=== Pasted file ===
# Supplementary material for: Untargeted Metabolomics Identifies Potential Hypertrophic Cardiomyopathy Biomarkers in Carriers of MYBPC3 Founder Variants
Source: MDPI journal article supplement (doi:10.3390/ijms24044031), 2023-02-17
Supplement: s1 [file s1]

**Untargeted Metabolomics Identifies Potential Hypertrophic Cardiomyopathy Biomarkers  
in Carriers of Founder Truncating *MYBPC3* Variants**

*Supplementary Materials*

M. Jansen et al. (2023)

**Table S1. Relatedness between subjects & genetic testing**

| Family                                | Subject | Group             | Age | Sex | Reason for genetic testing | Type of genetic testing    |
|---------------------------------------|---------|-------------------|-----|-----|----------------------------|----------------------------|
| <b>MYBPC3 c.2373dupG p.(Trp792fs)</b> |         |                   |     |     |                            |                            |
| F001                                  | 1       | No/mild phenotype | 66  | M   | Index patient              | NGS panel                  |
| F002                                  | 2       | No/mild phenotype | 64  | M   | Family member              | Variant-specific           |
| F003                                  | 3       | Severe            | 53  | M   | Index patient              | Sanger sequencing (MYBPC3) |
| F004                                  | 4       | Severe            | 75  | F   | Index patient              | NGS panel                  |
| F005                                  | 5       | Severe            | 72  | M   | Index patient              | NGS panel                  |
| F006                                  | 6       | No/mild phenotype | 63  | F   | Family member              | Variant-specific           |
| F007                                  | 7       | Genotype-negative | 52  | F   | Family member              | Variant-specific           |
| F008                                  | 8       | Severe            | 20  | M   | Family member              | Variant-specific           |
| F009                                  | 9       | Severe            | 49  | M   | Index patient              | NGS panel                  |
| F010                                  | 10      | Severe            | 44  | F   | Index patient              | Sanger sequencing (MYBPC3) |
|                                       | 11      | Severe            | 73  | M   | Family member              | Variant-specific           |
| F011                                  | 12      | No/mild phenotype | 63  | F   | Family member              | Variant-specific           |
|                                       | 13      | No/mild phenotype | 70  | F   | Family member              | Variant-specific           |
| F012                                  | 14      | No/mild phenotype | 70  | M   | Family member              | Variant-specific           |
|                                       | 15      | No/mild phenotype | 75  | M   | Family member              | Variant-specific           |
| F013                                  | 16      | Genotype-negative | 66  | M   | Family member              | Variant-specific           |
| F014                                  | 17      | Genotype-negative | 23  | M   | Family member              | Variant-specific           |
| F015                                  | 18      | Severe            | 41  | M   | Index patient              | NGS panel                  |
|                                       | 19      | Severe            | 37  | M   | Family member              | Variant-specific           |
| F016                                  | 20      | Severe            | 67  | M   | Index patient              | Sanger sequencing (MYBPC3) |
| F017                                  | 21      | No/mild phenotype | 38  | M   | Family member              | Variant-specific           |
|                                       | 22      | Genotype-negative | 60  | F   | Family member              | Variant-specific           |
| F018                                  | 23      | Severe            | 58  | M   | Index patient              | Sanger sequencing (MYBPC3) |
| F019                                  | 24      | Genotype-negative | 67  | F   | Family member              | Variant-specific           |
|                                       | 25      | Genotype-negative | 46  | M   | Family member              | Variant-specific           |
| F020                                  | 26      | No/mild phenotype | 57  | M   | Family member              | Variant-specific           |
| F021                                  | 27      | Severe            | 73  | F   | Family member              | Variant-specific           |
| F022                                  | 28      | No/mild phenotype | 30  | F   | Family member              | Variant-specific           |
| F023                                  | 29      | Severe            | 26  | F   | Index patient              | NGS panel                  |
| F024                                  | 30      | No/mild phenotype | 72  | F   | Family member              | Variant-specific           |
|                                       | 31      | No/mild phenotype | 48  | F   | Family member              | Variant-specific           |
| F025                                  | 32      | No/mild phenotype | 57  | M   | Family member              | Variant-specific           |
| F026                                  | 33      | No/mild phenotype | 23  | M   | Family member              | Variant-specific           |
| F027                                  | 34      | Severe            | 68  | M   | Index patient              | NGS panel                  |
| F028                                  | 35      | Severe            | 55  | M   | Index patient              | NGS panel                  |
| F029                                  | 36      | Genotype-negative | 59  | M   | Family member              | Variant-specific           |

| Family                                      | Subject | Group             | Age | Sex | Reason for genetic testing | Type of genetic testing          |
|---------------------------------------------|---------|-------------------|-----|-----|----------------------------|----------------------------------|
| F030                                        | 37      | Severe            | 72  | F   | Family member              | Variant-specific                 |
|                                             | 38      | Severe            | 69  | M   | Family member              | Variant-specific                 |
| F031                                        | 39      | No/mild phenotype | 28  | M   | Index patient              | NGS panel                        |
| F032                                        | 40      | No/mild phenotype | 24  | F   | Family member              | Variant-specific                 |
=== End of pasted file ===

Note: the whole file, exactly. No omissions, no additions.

# Supplementary material for: Untargeted Metabolomics Identifies Potential Hypertrophic Cardiomyopathy Biomarkers in Carriers of MYBPC3 Founder Variants
Source: MDPI journal article supplement (doi:10.3390/ijms24044031), 2023-02-17
Supplement: s1 [file s1]

**Untargeted Metabolomics Identifies Potential Hypertrophic Cardiomyopathy Biomarkers  
in Carriers of Founder Truncating *MYBPC3* Variants**

*Supplementary Materials*

M. Jansen et al. (2023)

**Table S1. Relatedness between subjects & genetic testing**

| Family                                | Subject | Group             | Age | Sex | Reason for genetic testing | Type of genetic testing    |
|---------------------------------------|---------|-------------------|-----|-----|----------------------------|----------------------------|
| <b>MYBPC3 c.2373dupG p.(Trp792fs)</b> |         |                   |     |     |                            |                            |
| F001                                  | 1       | No/mild phenotype | 66  | M   | Index patient              | NGS panel                  |
| F002                                  | 2       | No/mild phenotype | 64  | M   | Family member              | Variant-specific           |
| F003                                  | 3       | Severe            | 53  | M   | Index patient              | Sanger sequencing (MYBPC3) |
| F004                                  | 4       | Severe            | 75  | F   | Index patient              | NGS panel                  |
| F005                                  | 5       | Severe            | 72  | M   | Index patient              | NGS panel                  |
| F006                                  | 6       | No/mild phenotype | 63  | F   | Family member              | Variant-specific           |
| F007                                  | 7       | Genotype-negative | 52  | F   | Family member              | Variant-specific           |
| F008                                  | 8       | Severe            | 20  | M   | Family member              | Variant-specific           |
| F009                                  | 9       | Severe            | 49  | M   | Index patient              | NGS panel                  |
| F010                                  | 10      | Severe            | 44  | F   | Index patient              | Sanger sequencing (MYBPC3) |
|                                       | 11      | Severe            | 73  | M   | Family member              | Variant-specific           |
| F011                                  | 12      | No/mild phenotype | 63  | F   | Family member              | Variant-specific           |
|                                       | 13      | No/mild phenotype | 70  | F   | Family member              | Variant-specific           |
| F012                                  | 14      | No/mild phenotype | 70  | M   | Family member              | Variant-specific           |
|                                       | 15      | No/mild phenotype | 75  | M   | Family member              | Variant-specific           |
| F013                                  | 16      | Genotype-negative | 66  | M   | Family member              | Variant-specific           |
| F014                                  | 17      | Genotype-negative | 23  | M   | Family member              | Variant-specific           |
| F015                                  | 18      | Severe            | 41  | M   | Index patient              | NGS panel                  |
|                                       | 19      | Severe            | 37  | M   | Family member              | Variant-specific           |
| F016                                  | 20      | Severe            | 67  | M   | Index patient              | Sanger sequencing (MYBPC3) |
| F017                                  | 21      | No/mild phenotype | 38  | M   | Family member              | Variant-specific           |
|                                       | 22      | Genotype-negative | 60  | F   | Family member              | Variant-specific           |
| F018                                  | 23      | Severe            | 58  | M   | Index patient              | Sanger sequencing (MYBPC3) |
| F019                                  | 24      | Genotype-negative | 67  | F   | Family member              | Variant-specific           |
|                                       | 25      | Genotype-negative | 46  | M   | Family member              | Variant-specific           |
| F020                                  | 26      | No/mild phenotype | 57  | M   | Family member              | Variant-specific           |
| F021                                  | 27      | Severe            | 73  | F   | Family member              | Variant-specific           |
| F022                                  | 28      | No/mild phenotype | 30  | F   | Family member              | Variant-specific           |
| F023                                  | 29      | Severe            | 26  | F   | Index patient              | NGS panel                  |
| F024                                  | 30      | No/mild phenotype | 72  | F   | Family member              | Variant-specific           |
|                                       | 31      | No/mild phenotype | 48  | F   | Family member              | Variant-specific           |
| F025                                  | 32      | No/mild phenotype | 57  | M   | Family member              | Variant-specific           |
| F026                                  | 33      | No/mild phenotype | 23  | M   | Family member              | Variant-specific           |
| F027                                  | 34      | Severe            | 68  | M   | Index patient              | NGS panel                  |
| F028                                  | 35      | Severe            | 55  | M   | Index patient              | NGS panel                  |
| F029                                  | 36      | Genotype-negative | 59  | M   | Family member              | Variant-specific           |

| Family                                      | Subject | Group             | Age | Sex | Reason for genetic testing | Type of genetic testing          |
|---------------------------------------------|---------|-------------------|-----|-----|----------------------------|----------------------------------|
| F030                                        | 37      | Severe            | 72  | F   | Family member              | Variant-specific                 |
|                                             | 38      | Severe            | 69  | M   | Family member              | Variant-specific                 |
| F031                                        | 39      | No/mild phenotype | 28  | M   | Index patient              | NGS panel                        |
| F032                                        | 40      | No/mild phenotype | 24  | F   | Family member              | Variant-specific                 |